My very first job out of college was with a large oil company that had Oracle running on bunch of VAX/VMS systems. We had a lot of code written in FORTRAN with OCI calls (this was back in the early 80’s, so no pre-compilers yet). I was working late one night from home, which in itself was an unusual thing because not too many people were able to work remotely at that time. We only had 1200 baud modems for crying outloud, so it was painful to do much of anything remotely. At any rate, I was working on a program with some kind of iterative processing which took a while to complete. So I’d make a few changes and run it, make a few changes and run it. Well I noticed that the execution time slowed down somewhat and so I went looking to see what else was running on the system. (brief digression: I had become a neophyte sys admin due to my being the Oracle DBA and needing to have some system privileges for doing upgrades and whatnot) So I had a look to see what might be slowing my program down and sure enough there was a batch job running that was really using a lot of cpu. Well I had learned about the ability of VMS to set process priorities and so I thought to myself, “that batch job has all night to run it shouldn’t be slowing me down right now”. So I determined to change the priorities so my program would not be competing so heavily with the batch job. Unfortunately, instead of lowering the priority of the batch process, I jacked the priority of my process way up. (you’ll see why I say “unfortunately” in a minute) So anyway, the priority change worked out great. My program executions began running even faster than they had prior to the batch job kicking off. So I went back to my programming routine. Make a few changes, execute the program, check the results, make a few changes, execute the program, check the results… until I executed the program and it didn’t come back. I remember thinking, “Uh oh, I think I messed up the check for getting out of that loop”. So I thought, “well I’ll just ctl-C out and fix it”. Unfortunately, in a stupendous example of Murphy’s Law,  it was at just this point that my modem lost it’s connection. Great! So I tried to reconnect. The modem was able to establish a connection, but the machine was so busy running the process with the insanely high priority that it didn’t have enough spare CPU to log another process in. (Unlike most systems today, VMS had a very hard priority system. The process with the highest priority basically stayed on the CPU as long as they wanted – oh and by the way, there was only the one CPU) So anyway, the program ended up running most of the night and only stopped because it filled up the disk with a log file that it was writing. Needless to say, the real sys admins were not too happy with me the next morning when I showed up at work.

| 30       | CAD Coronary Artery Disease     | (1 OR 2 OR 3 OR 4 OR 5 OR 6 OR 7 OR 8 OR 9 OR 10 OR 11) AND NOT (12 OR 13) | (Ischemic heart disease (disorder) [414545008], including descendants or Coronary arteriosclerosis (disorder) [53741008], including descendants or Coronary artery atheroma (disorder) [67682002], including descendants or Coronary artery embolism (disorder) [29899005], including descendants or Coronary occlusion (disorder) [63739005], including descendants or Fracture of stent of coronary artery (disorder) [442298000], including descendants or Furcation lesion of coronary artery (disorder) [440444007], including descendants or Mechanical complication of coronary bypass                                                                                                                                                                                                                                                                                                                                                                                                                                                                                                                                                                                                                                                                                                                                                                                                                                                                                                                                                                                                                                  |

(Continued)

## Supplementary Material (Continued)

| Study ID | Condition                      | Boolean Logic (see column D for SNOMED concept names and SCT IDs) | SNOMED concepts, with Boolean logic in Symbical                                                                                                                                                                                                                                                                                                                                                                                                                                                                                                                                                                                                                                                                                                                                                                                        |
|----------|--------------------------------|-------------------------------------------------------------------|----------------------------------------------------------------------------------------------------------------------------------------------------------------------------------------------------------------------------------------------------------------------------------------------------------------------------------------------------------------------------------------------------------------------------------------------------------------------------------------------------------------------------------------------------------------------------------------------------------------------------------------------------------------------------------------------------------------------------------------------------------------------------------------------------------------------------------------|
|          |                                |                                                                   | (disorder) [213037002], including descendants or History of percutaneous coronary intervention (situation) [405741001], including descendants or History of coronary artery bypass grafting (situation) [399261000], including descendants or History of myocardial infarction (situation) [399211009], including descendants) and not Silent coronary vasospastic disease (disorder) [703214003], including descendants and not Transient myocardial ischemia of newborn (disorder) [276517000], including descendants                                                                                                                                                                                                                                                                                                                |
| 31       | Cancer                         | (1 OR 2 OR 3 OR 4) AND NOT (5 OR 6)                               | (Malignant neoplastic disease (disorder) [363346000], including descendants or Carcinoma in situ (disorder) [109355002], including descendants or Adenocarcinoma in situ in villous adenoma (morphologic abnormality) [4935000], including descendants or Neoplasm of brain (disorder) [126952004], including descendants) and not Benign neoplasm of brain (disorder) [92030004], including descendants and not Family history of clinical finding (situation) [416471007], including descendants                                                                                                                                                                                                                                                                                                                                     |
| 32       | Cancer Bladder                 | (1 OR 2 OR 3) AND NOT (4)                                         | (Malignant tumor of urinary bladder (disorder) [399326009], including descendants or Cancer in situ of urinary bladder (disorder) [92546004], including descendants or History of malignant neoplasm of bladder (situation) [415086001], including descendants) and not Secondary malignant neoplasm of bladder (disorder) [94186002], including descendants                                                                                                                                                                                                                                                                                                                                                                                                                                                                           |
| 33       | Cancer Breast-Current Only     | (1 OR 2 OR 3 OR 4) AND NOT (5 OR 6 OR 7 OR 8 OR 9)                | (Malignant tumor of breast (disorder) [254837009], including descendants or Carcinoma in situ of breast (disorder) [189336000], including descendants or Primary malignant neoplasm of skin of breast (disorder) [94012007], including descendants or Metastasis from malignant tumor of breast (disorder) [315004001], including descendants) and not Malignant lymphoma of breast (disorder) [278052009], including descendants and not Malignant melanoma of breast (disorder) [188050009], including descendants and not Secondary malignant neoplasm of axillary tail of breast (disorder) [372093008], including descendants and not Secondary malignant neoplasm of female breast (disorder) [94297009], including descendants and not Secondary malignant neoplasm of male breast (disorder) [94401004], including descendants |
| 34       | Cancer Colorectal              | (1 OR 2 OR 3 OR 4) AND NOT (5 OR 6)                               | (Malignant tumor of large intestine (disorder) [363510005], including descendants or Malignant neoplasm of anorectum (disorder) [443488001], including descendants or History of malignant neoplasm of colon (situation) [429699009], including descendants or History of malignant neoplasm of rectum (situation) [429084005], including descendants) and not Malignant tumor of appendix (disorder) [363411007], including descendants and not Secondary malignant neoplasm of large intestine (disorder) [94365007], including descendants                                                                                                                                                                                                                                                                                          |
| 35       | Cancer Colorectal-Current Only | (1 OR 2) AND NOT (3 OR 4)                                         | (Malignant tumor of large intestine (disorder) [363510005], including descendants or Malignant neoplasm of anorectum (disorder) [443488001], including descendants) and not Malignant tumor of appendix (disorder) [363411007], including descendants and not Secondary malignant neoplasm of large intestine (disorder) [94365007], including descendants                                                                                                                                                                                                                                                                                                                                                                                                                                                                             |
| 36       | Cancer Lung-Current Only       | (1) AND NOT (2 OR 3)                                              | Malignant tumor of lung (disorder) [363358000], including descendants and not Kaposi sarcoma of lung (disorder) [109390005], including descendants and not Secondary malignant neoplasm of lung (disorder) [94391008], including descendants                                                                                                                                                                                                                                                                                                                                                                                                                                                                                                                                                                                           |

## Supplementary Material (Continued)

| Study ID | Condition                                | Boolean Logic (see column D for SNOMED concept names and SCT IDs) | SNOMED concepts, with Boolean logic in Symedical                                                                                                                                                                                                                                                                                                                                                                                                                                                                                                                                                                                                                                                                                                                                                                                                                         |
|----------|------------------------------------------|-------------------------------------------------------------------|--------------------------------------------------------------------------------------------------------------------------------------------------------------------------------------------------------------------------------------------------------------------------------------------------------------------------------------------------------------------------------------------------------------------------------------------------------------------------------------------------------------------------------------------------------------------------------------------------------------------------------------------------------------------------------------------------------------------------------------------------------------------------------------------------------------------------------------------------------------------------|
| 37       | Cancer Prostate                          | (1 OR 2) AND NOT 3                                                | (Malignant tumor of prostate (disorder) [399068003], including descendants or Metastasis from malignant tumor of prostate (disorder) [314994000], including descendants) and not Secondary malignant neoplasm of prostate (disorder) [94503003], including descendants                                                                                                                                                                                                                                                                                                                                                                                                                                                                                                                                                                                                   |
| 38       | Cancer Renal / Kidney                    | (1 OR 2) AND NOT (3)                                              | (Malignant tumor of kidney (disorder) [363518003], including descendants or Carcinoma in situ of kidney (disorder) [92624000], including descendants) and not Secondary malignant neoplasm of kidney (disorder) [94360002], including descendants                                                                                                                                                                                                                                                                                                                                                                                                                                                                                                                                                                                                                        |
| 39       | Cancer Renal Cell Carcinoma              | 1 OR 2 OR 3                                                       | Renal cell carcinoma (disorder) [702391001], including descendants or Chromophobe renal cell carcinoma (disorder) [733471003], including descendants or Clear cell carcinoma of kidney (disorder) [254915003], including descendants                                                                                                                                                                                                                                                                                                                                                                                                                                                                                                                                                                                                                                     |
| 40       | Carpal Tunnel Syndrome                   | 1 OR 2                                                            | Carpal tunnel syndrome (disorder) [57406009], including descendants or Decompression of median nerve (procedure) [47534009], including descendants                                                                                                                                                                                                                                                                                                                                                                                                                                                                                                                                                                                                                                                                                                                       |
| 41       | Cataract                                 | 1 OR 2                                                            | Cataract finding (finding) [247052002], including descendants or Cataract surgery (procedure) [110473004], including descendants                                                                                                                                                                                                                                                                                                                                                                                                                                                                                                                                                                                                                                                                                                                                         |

Hotsos Symposium 2009